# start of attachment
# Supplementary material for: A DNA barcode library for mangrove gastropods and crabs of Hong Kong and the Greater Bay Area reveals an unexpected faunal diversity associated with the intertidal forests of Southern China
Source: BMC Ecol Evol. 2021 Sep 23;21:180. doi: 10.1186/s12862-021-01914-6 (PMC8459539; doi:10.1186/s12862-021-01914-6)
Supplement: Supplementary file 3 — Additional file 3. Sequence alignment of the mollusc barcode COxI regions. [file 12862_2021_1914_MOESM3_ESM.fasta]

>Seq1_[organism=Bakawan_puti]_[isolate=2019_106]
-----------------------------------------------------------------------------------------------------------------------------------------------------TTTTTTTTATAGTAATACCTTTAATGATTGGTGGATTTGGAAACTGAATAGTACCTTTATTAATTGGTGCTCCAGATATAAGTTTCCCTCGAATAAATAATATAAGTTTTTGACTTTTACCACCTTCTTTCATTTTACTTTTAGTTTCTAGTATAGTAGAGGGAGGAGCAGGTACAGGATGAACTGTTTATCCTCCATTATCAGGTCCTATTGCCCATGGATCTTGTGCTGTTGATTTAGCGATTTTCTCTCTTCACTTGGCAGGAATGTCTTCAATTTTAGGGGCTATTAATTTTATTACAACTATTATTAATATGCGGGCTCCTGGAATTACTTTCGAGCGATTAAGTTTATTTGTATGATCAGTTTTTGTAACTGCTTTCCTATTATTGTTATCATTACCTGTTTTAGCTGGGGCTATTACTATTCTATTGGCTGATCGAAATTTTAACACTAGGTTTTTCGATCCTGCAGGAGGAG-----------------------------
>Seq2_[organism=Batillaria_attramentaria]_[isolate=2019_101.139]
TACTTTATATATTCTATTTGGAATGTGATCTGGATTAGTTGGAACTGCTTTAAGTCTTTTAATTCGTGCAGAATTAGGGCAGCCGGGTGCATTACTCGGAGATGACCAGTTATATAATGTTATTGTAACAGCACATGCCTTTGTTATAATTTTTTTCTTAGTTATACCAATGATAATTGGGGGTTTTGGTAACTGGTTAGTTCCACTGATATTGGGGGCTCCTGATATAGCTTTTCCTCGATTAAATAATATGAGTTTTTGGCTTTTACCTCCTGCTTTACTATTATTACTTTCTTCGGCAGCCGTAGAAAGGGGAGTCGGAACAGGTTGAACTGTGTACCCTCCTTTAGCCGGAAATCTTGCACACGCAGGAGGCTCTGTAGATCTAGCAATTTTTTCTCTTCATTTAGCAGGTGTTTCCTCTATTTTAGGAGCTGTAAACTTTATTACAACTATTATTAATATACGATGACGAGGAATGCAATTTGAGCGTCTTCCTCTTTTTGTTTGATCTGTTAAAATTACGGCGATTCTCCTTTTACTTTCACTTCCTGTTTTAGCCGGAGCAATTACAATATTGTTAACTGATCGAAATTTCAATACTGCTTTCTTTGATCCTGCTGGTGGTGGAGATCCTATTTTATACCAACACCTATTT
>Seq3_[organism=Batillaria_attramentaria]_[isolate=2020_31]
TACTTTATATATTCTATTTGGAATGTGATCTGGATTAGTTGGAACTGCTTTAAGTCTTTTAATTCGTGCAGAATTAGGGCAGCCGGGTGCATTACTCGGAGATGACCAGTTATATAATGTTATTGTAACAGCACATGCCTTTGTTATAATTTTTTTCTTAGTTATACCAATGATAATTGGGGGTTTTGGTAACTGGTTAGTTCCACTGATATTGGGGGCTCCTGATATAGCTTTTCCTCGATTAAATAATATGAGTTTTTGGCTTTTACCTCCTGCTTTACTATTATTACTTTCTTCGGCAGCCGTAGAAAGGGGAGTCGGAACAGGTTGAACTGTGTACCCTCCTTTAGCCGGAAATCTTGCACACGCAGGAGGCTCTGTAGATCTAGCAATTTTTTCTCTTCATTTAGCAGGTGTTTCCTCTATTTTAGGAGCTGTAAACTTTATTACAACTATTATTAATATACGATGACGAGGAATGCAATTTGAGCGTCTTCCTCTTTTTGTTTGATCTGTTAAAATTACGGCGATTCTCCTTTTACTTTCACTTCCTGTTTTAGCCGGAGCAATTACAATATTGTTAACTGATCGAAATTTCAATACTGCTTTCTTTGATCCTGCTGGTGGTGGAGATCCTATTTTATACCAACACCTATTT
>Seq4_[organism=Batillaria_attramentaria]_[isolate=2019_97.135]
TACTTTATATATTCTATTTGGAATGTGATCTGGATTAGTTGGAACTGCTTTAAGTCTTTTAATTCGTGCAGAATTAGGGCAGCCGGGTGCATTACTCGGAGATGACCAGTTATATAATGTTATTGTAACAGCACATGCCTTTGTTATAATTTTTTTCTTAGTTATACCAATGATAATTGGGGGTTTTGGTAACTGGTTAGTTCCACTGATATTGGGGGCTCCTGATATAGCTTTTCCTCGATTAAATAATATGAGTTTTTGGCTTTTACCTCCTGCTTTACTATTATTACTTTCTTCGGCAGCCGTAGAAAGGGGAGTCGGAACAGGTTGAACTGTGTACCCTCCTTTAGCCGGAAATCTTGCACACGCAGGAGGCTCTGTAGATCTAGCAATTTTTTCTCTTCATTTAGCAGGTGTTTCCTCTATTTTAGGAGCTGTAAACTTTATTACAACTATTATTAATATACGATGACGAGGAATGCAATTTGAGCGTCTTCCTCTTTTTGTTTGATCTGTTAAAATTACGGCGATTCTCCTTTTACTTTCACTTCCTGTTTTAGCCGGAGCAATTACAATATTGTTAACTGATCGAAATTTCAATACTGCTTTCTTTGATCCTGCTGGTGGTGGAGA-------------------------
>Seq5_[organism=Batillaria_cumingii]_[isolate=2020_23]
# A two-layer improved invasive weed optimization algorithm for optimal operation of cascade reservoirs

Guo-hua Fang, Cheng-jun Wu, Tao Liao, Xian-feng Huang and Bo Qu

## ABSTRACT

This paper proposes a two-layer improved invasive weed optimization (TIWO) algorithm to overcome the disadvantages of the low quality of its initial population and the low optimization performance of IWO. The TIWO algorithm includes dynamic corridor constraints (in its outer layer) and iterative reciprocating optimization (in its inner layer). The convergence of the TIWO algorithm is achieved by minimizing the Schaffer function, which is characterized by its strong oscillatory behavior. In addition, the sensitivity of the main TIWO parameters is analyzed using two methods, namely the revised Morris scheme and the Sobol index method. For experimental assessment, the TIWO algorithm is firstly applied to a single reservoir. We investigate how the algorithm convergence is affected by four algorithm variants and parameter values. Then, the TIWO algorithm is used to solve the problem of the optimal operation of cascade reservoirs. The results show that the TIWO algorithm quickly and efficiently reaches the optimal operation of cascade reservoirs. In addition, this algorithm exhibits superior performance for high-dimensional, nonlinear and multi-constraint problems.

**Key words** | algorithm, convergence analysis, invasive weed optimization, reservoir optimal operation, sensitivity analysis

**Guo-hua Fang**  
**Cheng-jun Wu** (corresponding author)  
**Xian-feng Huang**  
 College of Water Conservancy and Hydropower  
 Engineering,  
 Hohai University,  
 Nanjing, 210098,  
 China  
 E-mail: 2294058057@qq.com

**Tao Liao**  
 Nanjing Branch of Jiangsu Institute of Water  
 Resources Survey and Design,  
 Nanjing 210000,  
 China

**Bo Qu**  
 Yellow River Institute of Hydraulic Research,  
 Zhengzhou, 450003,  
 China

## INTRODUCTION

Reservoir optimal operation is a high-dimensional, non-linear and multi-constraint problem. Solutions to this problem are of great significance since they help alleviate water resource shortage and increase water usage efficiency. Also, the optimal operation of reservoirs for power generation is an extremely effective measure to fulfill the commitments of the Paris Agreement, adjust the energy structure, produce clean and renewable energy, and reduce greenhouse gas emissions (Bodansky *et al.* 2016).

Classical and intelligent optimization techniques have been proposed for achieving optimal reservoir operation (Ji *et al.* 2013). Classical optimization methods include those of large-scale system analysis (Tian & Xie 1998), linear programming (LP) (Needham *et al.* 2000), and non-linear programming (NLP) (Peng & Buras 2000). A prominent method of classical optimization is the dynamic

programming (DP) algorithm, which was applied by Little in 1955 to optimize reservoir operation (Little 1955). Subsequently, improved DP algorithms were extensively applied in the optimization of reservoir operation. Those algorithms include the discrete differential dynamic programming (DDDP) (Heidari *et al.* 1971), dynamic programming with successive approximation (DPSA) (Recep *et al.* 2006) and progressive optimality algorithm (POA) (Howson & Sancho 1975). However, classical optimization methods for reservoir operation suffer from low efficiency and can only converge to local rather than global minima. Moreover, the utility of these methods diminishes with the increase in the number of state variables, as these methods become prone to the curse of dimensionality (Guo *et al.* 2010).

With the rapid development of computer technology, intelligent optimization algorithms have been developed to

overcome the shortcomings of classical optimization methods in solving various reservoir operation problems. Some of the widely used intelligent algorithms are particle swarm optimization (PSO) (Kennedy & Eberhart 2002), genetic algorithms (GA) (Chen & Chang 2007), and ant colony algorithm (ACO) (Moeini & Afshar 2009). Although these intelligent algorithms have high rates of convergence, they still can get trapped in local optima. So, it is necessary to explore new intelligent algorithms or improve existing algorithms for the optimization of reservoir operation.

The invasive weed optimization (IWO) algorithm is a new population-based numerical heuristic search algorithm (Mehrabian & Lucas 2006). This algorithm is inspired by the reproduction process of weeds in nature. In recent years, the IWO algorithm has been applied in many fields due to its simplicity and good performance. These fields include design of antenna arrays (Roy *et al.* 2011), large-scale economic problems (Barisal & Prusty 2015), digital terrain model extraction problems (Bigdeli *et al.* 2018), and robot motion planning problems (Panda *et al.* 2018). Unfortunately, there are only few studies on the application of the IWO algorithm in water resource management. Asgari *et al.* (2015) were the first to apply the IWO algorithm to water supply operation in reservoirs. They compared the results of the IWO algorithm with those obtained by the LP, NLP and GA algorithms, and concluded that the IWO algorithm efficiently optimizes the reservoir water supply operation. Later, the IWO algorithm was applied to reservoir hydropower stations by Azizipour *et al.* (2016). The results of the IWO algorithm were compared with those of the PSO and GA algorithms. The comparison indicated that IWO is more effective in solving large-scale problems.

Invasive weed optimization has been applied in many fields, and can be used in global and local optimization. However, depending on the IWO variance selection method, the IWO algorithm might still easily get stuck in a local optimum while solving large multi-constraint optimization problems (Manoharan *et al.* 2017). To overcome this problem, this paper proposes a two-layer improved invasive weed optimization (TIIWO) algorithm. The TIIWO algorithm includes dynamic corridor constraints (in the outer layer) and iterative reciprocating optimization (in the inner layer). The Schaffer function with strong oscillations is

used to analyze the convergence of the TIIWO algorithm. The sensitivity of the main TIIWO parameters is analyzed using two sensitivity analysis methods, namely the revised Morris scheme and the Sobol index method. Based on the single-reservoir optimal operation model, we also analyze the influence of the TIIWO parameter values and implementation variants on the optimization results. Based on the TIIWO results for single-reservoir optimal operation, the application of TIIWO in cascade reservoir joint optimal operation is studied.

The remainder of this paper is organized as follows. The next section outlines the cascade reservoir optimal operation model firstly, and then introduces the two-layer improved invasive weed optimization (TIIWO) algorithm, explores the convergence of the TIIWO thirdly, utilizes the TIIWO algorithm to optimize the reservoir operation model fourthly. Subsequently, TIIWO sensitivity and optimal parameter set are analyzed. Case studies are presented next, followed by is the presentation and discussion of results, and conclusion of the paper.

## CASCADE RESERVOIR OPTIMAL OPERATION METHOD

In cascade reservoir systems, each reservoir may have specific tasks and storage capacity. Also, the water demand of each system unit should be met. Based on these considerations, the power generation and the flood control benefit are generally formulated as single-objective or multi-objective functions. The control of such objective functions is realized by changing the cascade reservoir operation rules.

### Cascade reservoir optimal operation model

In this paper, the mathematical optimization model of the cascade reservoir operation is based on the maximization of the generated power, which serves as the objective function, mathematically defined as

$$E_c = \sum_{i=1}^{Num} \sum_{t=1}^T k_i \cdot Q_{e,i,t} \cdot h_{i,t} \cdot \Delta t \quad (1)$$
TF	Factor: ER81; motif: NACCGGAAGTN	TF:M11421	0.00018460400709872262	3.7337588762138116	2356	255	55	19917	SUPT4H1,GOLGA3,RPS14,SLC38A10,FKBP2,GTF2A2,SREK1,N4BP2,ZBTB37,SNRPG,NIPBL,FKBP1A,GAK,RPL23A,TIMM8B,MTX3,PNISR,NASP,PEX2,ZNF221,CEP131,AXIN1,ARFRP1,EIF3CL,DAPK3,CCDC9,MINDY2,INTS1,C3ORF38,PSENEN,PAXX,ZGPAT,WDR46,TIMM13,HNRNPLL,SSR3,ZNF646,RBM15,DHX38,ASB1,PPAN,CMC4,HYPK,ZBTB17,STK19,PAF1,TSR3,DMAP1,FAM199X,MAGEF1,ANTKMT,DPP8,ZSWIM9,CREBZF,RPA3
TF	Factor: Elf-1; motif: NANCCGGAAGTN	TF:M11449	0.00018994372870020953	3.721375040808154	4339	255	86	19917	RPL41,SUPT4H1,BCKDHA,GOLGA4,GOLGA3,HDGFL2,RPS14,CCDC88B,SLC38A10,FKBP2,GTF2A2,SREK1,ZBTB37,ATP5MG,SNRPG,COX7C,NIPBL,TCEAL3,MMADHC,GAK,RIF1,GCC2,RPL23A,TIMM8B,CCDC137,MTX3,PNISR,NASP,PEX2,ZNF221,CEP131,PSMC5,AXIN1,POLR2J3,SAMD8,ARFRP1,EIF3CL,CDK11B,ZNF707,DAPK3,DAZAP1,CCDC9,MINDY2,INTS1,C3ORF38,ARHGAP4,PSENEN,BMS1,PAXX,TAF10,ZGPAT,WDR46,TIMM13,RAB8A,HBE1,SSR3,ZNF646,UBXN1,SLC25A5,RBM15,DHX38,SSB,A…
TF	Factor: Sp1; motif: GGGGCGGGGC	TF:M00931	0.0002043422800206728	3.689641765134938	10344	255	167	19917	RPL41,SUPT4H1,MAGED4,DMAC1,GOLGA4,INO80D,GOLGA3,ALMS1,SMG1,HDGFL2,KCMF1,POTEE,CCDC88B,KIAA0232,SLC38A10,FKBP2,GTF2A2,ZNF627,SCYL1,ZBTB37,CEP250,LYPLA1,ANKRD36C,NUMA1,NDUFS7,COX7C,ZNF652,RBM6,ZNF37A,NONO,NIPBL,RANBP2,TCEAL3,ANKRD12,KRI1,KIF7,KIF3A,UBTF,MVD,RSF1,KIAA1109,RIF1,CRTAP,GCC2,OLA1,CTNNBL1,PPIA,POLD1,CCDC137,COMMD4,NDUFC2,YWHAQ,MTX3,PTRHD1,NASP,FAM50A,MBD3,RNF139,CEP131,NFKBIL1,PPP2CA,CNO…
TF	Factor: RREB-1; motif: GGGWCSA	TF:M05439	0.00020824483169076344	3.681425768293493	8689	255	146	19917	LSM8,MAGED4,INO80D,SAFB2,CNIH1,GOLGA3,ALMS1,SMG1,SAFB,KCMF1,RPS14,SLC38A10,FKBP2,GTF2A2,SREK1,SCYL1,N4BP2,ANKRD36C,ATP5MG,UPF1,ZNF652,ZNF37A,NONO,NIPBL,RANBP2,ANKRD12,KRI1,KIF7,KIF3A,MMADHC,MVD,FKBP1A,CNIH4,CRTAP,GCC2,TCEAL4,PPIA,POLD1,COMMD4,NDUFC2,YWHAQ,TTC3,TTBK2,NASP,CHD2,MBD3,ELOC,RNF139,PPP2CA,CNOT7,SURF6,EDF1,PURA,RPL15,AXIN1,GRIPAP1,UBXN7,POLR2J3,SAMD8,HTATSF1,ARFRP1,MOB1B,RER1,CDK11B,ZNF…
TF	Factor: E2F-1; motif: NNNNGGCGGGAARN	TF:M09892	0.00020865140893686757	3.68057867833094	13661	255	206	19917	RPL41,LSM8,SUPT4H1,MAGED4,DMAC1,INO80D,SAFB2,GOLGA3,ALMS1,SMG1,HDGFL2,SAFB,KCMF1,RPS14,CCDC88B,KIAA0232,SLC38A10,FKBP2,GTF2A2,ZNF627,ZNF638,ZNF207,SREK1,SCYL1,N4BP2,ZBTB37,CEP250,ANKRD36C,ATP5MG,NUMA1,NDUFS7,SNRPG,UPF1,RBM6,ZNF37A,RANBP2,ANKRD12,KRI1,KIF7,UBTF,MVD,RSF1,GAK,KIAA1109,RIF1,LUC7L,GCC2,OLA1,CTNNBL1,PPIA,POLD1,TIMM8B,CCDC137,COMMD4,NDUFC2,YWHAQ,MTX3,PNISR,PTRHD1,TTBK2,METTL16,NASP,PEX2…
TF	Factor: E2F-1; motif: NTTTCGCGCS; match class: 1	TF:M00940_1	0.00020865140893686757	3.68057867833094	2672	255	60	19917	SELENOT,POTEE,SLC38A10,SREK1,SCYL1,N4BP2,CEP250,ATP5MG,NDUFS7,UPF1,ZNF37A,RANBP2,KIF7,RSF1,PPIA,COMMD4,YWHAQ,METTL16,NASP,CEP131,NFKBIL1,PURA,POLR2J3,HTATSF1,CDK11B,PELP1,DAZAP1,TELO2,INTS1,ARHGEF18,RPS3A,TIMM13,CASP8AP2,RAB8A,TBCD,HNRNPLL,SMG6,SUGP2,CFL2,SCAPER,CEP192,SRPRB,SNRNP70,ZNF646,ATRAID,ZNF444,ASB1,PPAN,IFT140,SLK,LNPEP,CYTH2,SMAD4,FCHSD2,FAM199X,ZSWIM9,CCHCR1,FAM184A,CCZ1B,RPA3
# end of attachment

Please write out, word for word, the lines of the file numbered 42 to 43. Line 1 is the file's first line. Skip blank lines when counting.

The invasive weed optimization (IWO) algorithm is a new population-based numerical heuristic search algorithm (Mehrabian & Lucas 2006). This algorithm is inspired by the reproduction process of weeds in nature. In recent years, the IWO algorithm has been applied in many fields due to its simplicity and good performance. These fields include design of antenna arrays (Roy *et al.* 2011), large-scale economic problems (Barisal & Prusty 2015), digital terrain model extraction problems (Bigdeli *et al.* 2018), and robot motion planning problems (Panda *et al.* 2018). Unfortunately, there are only few studies on the application of the IWO algorithm in water resource management. Asgari *et al.* (2015) were the first to apply the IWO algorithm to water supply operation in reservoirs. They compared the results of the IWO algorithm with those obtained by the LP, NLP and GA algorithms, and concluded that the IWO algorithm efficiently optimizes the reservoir water supply operation. Later, the IWO algorithm was applied to reservoir hydropower stations by Azizipour *et al.* (2016). The results of the IWO algorithm were compared with those of the PSO and GA algorithms. The comparison indicated that IWO is more effective in solving large-scale problems.

Invasive weed optimization has been applied in many fields, and can be used in global and local optimization. However, depending on the IWO variance selection method, the IWO algorithm might still easily get stuck in a local optimum while solving large multi-constraint optimization problems (Manoharan *et al.* 2017). To overcome this problem, this paper proposes a two-layer improved invasive weed optimization (TIIWO) algorithm. The TIIWO algorithm includes dynamic corridor constraints (in the outer layer) and iterative reciprocating optimization (in the inner layer). The Schaffer function with strong oscillations is